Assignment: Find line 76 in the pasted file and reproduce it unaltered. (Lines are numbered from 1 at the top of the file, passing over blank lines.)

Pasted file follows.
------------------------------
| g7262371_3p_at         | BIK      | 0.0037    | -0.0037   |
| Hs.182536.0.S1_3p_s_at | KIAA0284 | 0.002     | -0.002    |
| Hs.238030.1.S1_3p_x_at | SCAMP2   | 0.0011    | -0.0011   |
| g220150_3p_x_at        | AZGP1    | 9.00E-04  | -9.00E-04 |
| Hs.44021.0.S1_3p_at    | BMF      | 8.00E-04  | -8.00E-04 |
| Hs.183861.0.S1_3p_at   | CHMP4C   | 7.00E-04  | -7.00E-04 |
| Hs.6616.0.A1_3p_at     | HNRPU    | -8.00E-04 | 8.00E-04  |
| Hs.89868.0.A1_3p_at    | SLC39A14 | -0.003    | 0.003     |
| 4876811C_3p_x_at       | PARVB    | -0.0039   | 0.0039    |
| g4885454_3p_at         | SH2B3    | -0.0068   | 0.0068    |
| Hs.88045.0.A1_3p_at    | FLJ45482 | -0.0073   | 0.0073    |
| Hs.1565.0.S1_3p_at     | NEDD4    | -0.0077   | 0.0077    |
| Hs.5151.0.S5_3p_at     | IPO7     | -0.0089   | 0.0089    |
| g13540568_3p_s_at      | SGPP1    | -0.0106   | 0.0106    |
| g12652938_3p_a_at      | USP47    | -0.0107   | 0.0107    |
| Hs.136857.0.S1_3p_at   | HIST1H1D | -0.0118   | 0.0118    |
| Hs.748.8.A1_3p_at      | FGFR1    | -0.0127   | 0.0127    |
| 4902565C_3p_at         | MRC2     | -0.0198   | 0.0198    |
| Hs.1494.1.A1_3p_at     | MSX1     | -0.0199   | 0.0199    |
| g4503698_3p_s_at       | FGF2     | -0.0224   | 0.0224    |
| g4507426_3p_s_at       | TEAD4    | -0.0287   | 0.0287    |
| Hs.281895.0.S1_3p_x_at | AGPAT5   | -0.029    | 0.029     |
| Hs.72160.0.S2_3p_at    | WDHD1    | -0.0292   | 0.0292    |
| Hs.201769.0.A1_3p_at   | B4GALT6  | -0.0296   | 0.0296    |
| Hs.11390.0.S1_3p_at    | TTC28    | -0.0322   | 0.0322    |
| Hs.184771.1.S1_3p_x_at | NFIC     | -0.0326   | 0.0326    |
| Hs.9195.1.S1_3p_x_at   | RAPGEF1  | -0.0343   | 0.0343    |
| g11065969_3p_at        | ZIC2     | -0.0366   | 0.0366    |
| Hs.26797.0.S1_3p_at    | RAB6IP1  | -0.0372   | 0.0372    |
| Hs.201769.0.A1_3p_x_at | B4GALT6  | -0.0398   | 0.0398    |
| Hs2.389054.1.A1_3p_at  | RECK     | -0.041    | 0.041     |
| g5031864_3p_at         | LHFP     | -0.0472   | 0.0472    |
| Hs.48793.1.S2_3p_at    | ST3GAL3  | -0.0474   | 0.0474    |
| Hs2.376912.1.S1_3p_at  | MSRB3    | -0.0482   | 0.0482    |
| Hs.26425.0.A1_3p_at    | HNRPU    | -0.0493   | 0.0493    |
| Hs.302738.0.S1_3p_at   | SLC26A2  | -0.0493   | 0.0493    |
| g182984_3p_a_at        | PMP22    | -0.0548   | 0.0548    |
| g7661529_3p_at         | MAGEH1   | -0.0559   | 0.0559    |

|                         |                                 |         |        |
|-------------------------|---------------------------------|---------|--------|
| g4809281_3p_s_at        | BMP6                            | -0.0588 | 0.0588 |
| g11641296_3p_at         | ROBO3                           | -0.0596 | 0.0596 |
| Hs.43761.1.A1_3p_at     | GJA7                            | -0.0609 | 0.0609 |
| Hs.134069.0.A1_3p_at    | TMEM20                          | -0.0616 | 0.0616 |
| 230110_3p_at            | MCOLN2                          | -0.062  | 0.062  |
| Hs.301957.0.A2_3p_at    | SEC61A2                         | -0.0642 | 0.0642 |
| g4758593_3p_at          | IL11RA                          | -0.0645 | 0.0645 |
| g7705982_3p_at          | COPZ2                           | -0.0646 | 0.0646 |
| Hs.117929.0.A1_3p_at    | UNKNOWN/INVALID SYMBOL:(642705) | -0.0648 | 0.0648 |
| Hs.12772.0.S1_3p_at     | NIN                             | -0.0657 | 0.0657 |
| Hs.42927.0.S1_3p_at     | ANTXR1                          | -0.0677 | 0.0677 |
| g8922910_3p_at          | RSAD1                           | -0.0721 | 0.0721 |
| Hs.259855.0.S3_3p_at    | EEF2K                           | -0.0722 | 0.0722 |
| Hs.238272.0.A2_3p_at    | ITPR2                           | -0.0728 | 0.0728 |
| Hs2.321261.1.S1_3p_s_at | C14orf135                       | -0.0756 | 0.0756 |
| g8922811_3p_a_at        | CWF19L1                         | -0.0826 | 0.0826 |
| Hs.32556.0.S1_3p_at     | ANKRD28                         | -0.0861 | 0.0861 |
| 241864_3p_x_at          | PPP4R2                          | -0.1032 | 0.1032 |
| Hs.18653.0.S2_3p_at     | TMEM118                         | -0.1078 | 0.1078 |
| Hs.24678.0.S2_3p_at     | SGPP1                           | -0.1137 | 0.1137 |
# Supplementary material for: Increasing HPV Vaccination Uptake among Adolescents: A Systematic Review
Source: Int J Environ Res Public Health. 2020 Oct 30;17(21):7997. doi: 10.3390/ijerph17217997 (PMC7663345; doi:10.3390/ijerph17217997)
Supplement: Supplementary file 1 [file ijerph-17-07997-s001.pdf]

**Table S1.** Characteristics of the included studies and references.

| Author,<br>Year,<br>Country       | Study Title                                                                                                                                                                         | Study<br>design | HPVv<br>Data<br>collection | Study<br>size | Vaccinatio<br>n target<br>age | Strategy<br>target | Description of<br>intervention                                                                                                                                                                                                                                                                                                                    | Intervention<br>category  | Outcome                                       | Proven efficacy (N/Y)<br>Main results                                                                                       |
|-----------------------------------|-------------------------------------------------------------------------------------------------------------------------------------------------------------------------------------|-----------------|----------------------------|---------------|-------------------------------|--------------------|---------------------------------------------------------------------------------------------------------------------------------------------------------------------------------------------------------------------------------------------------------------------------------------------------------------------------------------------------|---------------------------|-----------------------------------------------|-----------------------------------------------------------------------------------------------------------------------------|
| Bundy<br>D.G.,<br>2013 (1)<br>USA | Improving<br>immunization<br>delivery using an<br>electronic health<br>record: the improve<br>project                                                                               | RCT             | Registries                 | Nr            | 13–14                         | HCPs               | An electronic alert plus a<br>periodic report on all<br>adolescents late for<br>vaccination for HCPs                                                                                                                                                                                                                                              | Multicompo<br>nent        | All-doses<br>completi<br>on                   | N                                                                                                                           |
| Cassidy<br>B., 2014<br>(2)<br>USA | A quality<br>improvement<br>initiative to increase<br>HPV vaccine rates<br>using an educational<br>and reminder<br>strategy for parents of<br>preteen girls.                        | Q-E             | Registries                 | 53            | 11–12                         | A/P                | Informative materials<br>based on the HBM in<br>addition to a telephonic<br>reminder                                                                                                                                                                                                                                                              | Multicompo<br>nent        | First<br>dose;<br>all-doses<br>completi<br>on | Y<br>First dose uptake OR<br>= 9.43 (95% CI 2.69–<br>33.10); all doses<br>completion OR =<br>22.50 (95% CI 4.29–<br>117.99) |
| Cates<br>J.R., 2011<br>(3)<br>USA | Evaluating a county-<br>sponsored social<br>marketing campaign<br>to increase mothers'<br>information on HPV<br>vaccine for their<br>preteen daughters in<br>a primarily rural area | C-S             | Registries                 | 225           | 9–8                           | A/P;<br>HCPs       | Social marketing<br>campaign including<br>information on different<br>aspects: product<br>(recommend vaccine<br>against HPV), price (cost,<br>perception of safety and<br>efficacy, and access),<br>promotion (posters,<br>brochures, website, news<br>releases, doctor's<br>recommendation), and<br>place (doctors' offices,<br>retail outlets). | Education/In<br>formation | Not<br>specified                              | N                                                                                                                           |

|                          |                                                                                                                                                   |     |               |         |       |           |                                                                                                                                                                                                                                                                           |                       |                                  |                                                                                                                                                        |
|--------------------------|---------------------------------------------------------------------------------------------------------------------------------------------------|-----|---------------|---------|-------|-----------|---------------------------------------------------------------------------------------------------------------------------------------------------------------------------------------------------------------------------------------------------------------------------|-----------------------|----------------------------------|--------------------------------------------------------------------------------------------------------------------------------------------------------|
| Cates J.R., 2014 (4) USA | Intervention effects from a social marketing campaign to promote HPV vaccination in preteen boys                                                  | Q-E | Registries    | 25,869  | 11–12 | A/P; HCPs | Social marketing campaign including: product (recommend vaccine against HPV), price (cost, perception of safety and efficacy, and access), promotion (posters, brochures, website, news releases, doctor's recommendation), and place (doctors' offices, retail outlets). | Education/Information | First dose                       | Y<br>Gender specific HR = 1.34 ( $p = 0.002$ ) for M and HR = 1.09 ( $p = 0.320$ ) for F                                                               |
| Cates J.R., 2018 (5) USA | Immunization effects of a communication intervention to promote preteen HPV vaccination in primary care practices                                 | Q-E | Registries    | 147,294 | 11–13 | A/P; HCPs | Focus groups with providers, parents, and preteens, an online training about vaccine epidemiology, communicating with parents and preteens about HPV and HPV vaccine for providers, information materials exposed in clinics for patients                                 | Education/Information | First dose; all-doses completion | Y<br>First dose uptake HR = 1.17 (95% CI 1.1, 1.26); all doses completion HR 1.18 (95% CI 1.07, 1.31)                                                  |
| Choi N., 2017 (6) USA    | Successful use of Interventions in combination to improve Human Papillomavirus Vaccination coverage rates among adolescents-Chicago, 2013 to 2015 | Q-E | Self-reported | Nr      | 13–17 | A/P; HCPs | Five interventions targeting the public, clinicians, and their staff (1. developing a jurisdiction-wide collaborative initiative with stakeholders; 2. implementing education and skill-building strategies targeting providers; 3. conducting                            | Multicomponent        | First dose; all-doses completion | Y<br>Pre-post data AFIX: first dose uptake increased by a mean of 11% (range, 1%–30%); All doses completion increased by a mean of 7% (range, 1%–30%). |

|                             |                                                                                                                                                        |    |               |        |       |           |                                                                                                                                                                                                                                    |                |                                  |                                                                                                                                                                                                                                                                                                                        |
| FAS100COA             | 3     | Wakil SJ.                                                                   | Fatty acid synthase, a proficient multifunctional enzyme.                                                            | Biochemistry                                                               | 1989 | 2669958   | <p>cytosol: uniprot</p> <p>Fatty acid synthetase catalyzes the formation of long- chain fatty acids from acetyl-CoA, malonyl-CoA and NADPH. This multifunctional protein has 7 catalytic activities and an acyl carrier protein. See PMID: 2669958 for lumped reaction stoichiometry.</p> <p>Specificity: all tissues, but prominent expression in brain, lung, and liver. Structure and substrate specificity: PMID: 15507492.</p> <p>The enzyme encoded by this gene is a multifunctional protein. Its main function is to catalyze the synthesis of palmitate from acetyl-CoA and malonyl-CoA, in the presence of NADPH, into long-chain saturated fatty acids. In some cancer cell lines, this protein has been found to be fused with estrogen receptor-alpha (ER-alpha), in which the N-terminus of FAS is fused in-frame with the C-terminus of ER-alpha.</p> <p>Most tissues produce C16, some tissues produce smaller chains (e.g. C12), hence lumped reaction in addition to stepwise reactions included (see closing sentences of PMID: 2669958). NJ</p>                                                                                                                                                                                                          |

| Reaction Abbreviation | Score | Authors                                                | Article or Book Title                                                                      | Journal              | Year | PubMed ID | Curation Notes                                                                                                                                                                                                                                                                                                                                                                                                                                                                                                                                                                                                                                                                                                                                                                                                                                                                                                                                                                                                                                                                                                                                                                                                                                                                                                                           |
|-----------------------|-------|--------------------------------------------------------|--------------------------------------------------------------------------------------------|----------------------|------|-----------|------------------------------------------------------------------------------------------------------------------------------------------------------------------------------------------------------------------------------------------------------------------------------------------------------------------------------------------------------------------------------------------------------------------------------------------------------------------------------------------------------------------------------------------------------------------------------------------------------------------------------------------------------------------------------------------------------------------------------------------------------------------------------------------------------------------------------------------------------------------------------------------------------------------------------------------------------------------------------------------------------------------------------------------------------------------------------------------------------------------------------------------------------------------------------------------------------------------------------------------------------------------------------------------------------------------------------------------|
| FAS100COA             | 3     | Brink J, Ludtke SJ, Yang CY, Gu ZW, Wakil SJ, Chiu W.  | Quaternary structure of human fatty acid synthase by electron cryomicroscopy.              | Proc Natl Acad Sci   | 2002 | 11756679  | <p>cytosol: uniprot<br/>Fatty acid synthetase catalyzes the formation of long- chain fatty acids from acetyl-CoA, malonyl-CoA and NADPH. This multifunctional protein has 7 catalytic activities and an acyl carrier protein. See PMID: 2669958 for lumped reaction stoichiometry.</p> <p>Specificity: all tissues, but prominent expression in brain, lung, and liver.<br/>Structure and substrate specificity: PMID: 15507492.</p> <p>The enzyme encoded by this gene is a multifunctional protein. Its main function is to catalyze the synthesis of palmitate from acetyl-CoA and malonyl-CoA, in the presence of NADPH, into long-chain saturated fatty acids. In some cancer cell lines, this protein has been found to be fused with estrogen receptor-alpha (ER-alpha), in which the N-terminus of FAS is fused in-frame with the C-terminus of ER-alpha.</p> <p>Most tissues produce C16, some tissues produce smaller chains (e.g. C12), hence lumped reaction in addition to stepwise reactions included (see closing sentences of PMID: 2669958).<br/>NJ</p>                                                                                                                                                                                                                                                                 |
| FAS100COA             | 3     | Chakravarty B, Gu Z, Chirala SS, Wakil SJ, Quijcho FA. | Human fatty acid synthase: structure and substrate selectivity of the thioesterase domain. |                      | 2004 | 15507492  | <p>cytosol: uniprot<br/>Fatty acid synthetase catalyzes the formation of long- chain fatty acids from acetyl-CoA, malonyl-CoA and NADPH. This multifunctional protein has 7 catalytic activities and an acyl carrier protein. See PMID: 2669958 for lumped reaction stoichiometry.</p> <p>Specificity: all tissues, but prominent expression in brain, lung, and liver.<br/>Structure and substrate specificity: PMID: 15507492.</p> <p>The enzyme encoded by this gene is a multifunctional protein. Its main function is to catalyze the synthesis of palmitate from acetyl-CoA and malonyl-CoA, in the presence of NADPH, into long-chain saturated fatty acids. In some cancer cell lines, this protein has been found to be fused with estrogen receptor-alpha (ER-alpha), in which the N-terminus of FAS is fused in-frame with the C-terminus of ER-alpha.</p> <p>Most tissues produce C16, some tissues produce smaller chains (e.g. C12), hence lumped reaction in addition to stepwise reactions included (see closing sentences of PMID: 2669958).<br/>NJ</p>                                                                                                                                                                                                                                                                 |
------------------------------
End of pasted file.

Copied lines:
| FAS100COA             | 3     | Wakil SJ.                                                                   | Fatty acid synthase, a proficient multifunctional enzyme.                                                            | Biochemistry                                                               | 1989 | 2669958   | <p>cytosol: uniprot</p> <p>Fatty acid synthetase catalyzes the formation of long- chain fatty acids from acetyl-CoA, malonyl-CoA and NADPH. This multifunctional protein has 7 catalytic activities and an acyl carrier protein. See PMID: 2669958 for lumped reaction stoichiometry.</p> <p>Specificity: all tissues, but prominent expression in brain, lung, and liver. Structure and substrate specificity: PMID: 15507492.</p> <p>The enzyme encoded by this gene is a multifunctional protein. Its main function is to catalyze the synthesis of palmitate from acetyl-CoA and malonyl-CoA, in the presence of NADPH, into long-chain saturated fatty acids. In some cancer cell lines, this protein has been found to be fused with estrogen receptor-alpha (ER-alpha), in which the N-terminus of FAS is fused in-frame with the C-terminus of ER-alpha.</p> <p>Most tissues produce C16, some tissues produce smaller chains (e.g. C12), hence lumped reaction in addition to stepwise reactions included (see closing sentences of PMID: 2669958). NJ</p>                                                                                                                                                                                                          |